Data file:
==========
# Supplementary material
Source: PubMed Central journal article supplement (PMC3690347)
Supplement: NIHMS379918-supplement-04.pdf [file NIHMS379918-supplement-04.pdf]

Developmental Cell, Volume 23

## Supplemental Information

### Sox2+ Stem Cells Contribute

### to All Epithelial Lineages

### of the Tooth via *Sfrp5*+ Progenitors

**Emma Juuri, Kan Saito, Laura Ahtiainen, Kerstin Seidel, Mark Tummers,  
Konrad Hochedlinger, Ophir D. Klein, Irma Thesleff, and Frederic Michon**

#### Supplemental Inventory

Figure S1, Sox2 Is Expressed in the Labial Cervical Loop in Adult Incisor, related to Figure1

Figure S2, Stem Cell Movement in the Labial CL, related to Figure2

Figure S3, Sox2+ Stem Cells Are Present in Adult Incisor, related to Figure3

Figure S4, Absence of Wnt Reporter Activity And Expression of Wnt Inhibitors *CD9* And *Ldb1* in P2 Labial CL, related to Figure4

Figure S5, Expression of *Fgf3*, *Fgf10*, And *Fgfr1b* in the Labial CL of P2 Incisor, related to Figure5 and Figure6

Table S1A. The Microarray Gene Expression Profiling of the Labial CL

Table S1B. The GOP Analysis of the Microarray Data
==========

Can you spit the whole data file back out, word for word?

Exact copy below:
# Supplementary material
Source: PubMed Central journal article supplement (PMC3690347)
Supplement: NIHMS379918-supplement-04.pdf [file NIHMS379918-supplement-04.pdf]

Developmental Cell, Volume 23

## Supplemental Information

### Sox2+ Stem Cells Contribute

### to All Epithelial Lineages

### of the Tooth via *Sfrp5*+ Progenitors

**Emma Juuri, Kan Saito, Laura Ahtiainen, Kerstin Seidel, Mark Tummers,  
Konrad Hochedlinger, Ophir D. Klein, Irma Thesleff, and Frederic Michon**

#### Supplemental Inventory

Figure S1, Sox2 Is Expressed in the Labial Cervical Loop in Adult Incisor, related to Figure1

Figure S2, Stem Cell Movement in the Labial CL, related to Figure2

Figure S3, Sox2+ Stem Cells Are Present in Adult Incisor, related to Figure3

Figure S4, Absence of Wnt Reporter Activity And Expression of Wnt Inhibitors *CD9* And *Ldb1* in P2 Labial CL, related to Figure4

Figure S5, Expression of *Fgf3*, *Fgf10*, And *Fgfr1b* in the Labial CL of P2 Incisor, related to Figure5 and Figure6

Table S1A. The Microarray Gene Expression Profiling of the Labial CL

Table S1B. The GOP Analysis of the Microarray Data